Freezing is a terrific way to preserve the bounty from your garden or local farmers market. Part of the appeal—for me, at any rate—is that you can do it in small quantities, as vegetables ripen to peak perfection. You don’t need a big batch (thus a big chunk of time), the way you do to make canning a worthwhile project.
For preserving optimum flavor and texture, preventing moisture loss in frozen foods is key. Otherwise, they can develop the frosty, dried-out patches called freezer burn, which is as unappealing as it sounds. That’s why you should always use packaging designed for freezing: Freezer-safe zip-top bags (be sure to remove as much air as possible before sealing) or plastic containers are one choice—you can stack them in the freezer; major brands such as Ziplock are made of polyethylene or polypropylene, which do not leach carcinogens or endocrine disruptors. Vacuum packing is another option. And if you prefer glass jars, the National Center for Food Home Preservation advises using dual-purpose ones, which are suitable for canning or freezing. Unlike regular glass jars, which break easily at freezer temperatures, the freezer-safe ones have been tempered to withstand extreme cold. According to the Ball Canning Jar Selector Guide, jars with “straight shoulders”—that is, no curve under the neck of the jar—are safe for freezer storage.
For freezing (as well as other preservation methods) choose produce that’s in great condition, with no spoiled or soft bits, and trim and wash it well. Think about how you’re going to use the vegetable—carrots for the soup pot, for instance—and cut it to the desired size. Preservation experts suggest that for best flavor and texture, frozen vegetables should be eaten within about eight months.
Food will deteriorate more rapidly, though, if your freezer isn’t at zero degrees or colder. “One easy way to estimate the freezer’s temperature,” notes the University of Nebraska at Lincoln, “is to check the consistency of ice cream stored inside the compartment. If the ice cream is not brick-hard, the temperature of your freezer is too warm.” And this may sound like a no-brainer, but always date and label frozen foods and use the oldest items first.
Strictly speaking, it’s not necessary to blanch vegetables (i.e., briefly cook them in boiling water) before freezing, but it extends their storage life by stopping the enzymes that cause ripening, helps remove bacteria and any remaining soil, brightens the color, slows nutrient loss, and makes the vegetables pliable, so you can pack them more tightly into a container. If you plan on doing lots of blanching and freezing, you may want to invest in a blancher pot (about $25 online), which has a basket insert, but any large pot will work fine.
To water-blanch vegetables
1. Fill a large bowl with ice water and set it aside. Fill a large pot with water (at least 1 gallon per pound of vegetables) and bring it to a boil. Add the vegetables and let the water return to a boil before setting your kitchen timer; blanching time depends on the type of vegetable, and more about that in a sec.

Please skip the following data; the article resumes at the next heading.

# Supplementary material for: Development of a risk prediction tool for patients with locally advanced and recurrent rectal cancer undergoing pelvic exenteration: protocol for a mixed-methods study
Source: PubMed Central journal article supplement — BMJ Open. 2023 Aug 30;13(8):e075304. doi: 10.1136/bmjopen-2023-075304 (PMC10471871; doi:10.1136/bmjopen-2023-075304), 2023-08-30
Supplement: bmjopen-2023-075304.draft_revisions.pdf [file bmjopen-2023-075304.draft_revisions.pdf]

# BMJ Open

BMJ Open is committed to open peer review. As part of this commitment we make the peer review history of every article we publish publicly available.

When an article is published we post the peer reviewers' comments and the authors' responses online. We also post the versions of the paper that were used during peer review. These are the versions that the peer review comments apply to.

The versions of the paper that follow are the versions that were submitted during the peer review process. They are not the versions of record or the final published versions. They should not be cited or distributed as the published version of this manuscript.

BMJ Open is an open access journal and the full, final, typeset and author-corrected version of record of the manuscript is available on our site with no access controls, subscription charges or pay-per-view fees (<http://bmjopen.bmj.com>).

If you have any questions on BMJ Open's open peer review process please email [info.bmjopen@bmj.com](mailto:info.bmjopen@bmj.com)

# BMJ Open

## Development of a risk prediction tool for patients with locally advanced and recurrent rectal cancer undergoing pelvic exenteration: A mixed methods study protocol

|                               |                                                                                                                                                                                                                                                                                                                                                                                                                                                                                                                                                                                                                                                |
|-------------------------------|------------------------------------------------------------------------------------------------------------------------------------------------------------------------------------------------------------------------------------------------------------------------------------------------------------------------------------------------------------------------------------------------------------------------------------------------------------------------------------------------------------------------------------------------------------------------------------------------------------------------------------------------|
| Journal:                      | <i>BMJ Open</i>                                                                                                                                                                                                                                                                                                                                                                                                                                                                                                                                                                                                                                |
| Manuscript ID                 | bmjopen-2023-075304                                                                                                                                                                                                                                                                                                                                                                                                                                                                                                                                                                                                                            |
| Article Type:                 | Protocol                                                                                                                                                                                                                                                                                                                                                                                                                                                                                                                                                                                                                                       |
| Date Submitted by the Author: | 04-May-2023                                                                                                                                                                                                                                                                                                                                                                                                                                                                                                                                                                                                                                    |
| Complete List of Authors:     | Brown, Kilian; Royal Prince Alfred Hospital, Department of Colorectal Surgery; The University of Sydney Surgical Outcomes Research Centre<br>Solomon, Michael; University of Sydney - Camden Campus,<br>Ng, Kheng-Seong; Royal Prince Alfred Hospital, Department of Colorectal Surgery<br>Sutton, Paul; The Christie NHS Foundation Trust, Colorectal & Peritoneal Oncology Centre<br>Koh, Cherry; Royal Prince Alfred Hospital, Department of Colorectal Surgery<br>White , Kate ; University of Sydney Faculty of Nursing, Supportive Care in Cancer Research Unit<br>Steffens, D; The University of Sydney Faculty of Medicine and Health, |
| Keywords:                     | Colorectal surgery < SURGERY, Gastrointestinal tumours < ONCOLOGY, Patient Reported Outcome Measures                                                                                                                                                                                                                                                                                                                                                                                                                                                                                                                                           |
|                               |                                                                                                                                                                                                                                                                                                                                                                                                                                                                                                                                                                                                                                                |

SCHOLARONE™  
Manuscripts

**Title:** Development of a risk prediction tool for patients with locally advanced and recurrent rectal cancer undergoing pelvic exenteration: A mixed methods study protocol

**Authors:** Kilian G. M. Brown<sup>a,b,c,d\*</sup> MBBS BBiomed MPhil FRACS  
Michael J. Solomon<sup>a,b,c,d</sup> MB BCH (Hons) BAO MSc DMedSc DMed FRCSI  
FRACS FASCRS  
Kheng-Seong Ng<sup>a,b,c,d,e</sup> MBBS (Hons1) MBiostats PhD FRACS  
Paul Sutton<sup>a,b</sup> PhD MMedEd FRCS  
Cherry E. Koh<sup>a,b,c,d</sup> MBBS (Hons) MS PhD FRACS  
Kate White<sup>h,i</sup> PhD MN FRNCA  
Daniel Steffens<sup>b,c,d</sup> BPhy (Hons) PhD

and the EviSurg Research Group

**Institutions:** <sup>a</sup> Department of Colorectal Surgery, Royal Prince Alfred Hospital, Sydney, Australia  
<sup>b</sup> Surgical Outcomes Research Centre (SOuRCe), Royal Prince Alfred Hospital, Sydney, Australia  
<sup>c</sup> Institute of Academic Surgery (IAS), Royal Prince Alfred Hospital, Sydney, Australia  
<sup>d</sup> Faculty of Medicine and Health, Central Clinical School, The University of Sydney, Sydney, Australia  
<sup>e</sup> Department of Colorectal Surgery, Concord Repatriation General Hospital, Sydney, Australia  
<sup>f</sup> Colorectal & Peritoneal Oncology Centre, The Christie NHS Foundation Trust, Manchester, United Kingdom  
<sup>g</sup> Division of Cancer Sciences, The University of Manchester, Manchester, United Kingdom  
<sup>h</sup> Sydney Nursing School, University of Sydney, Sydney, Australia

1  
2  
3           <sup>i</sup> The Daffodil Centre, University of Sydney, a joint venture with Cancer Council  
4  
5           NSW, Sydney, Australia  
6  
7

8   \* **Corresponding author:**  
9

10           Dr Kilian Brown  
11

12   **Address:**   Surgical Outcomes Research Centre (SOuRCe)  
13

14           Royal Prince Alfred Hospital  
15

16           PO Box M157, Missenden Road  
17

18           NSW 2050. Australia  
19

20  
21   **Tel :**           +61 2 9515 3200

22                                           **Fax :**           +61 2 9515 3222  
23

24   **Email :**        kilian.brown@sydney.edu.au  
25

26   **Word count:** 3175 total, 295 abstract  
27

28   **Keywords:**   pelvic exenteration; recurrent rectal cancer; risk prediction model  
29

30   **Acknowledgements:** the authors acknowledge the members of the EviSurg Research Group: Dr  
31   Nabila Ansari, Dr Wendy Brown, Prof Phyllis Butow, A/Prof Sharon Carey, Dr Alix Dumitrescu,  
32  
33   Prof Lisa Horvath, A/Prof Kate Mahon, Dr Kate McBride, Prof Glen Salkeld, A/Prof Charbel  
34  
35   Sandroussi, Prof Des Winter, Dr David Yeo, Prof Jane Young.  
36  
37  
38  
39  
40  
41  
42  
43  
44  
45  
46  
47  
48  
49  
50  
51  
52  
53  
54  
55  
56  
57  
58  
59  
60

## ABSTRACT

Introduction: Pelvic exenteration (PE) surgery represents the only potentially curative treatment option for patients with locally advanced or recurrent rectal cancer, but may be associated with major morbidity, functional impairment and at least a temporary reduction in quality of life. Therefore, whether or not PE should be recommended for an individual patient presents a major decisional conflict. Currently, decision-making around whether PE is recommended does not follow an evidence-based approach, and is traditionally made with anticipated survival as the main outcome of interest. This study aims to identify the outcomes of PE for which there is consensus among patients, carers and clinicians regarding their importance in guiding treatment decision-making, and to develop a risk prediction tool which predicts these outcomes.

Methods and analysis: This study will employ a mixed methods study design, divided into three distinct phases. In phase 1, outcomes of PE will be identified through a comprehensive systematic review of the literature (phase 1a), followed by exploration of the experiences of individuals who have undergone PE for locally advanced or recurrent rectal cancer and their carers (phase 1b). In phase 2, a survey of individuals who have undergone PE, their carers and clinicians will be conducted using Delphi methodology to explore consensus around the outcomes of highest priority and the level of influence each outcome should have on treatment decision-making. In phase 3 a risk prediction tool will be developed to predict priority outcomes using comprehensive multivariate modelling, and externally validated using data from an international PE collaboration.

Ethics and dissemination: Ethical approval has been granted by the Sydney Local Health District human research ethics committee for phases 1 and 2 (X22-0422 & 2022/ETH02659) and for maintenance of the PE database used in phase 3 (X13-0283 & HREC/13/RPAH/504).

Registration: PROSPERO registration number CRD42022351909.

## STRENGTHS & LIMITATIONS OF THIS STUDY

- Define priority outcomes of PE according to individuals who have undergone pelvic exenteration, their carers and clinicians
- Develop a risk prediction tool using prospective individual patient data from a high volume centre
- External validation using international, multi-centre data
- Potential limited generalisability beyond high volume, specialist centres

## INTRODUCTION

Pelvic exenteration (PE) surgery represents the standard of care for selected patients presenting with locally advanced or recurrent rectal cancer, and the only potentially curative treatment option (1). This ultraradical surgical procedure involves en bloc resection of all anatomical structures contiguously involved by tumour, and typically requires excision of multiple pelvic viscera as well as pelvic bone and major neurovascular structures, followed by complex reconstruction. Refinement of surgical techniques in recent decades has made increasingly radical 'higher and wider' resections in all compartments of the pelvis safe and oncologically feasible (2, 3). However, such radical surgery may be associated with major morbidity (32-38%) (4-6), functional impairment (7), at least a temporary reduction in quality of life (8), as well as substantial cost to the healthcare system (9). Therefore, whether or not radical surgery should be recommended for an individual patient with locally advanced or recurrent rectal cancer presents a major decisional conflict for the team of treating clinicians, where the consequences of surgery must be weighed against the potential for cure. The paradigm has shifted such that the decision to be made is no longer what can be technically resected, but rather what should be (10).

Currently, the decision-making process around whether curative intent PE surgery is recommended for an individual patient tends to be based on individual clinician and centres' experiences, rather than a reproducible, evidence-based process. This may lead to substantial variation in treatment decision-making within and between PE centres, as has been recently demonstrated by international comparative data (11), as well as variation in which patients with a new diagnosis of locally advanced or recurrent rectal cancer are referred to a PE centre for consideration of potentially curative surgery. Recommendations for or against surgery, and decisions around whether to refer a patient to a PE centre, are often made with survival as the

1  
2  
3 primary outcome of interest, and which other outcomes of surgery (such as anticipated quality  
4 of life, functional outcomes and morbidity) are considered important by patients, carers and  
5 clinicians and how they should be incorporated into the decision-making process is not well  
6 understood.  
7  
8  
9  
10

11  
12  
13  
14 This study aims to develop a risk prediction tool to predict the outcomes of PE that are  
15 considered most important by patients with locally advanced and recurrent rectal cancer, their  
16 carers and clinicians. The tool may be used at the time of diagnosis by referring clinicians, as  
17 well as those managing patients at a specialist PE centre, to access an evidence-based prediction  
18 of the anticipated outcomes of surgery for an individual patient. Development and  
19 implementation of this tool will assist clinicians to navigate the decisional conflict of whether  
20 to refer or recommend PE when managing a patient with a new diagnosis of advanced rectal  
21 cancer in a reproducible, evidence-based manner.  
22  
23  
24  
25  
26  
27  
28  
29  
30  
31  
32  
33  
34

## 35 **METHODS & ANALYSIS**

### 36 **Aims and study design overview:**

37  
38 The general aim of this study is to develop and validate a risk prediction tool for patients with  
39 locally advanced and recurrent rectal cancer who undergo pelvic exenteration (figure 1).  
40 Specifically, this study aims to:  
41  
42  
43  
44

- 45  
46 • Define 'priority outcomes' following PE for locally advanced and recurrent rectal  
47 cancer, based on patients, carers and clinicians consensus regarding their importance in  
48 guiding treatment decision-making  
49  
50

2. Use a slotted spoon or tongs to remove the vegetables from the boiling water and transfer them immediately to the ice water. Refresh the ice water if necessary so the veggies chill quickly and completely, then drain them well on clean kitchen towels.
To steam-blanch vegetables
A few vegetables, such as broccoli and winter squash, freeze better if they’re blanched in steam, and this is where a blancher pot, with its insert, can really come in handy. Otherwise, you can jury-rig a steamer with a large pot and a basket that will hold the vegetables at least three inches above the bottom of the pot and is big enough for you to spread the vegetables in a single layer. Simply put an inch or two of water in the pot and bring it to a boil. Place the vegetables in the basket in the steamer, cover the pot, and start keeping time immediately.
As far as blanching times go, you’ll find a convenient cheat sheet at the National Center for Home Food Preservation. Cut carrots for soups take just 2 minutes to blanch, for example, and okra, another prized soup ingredient (in my kitchen, at any rate) takes 3 to 4 minutes. Bell pepper halves—so nice to have for stuffed peppers—take about 3 minutes. Whole ears of corn take a bit longer—4 to 9 minutes, depending on size and whether you are cutting the kernels off the cobs or leaving them whole.
Tomatoes get their own category here, as they don’t need to be blanched unless you want to peel them before freezing. They can be frozen chopped or puréed, but I tend to take the path of least resistance and freeze them with peels on. Just rinse and dry them and cut off the stem scar. Then put them on a baking sheet and freeze until frozen solid before packing into freezer containers. Peeling frozen tomatoes for pasta sauces and stews is no big deal—just run them under warm water and the skin will slip right off.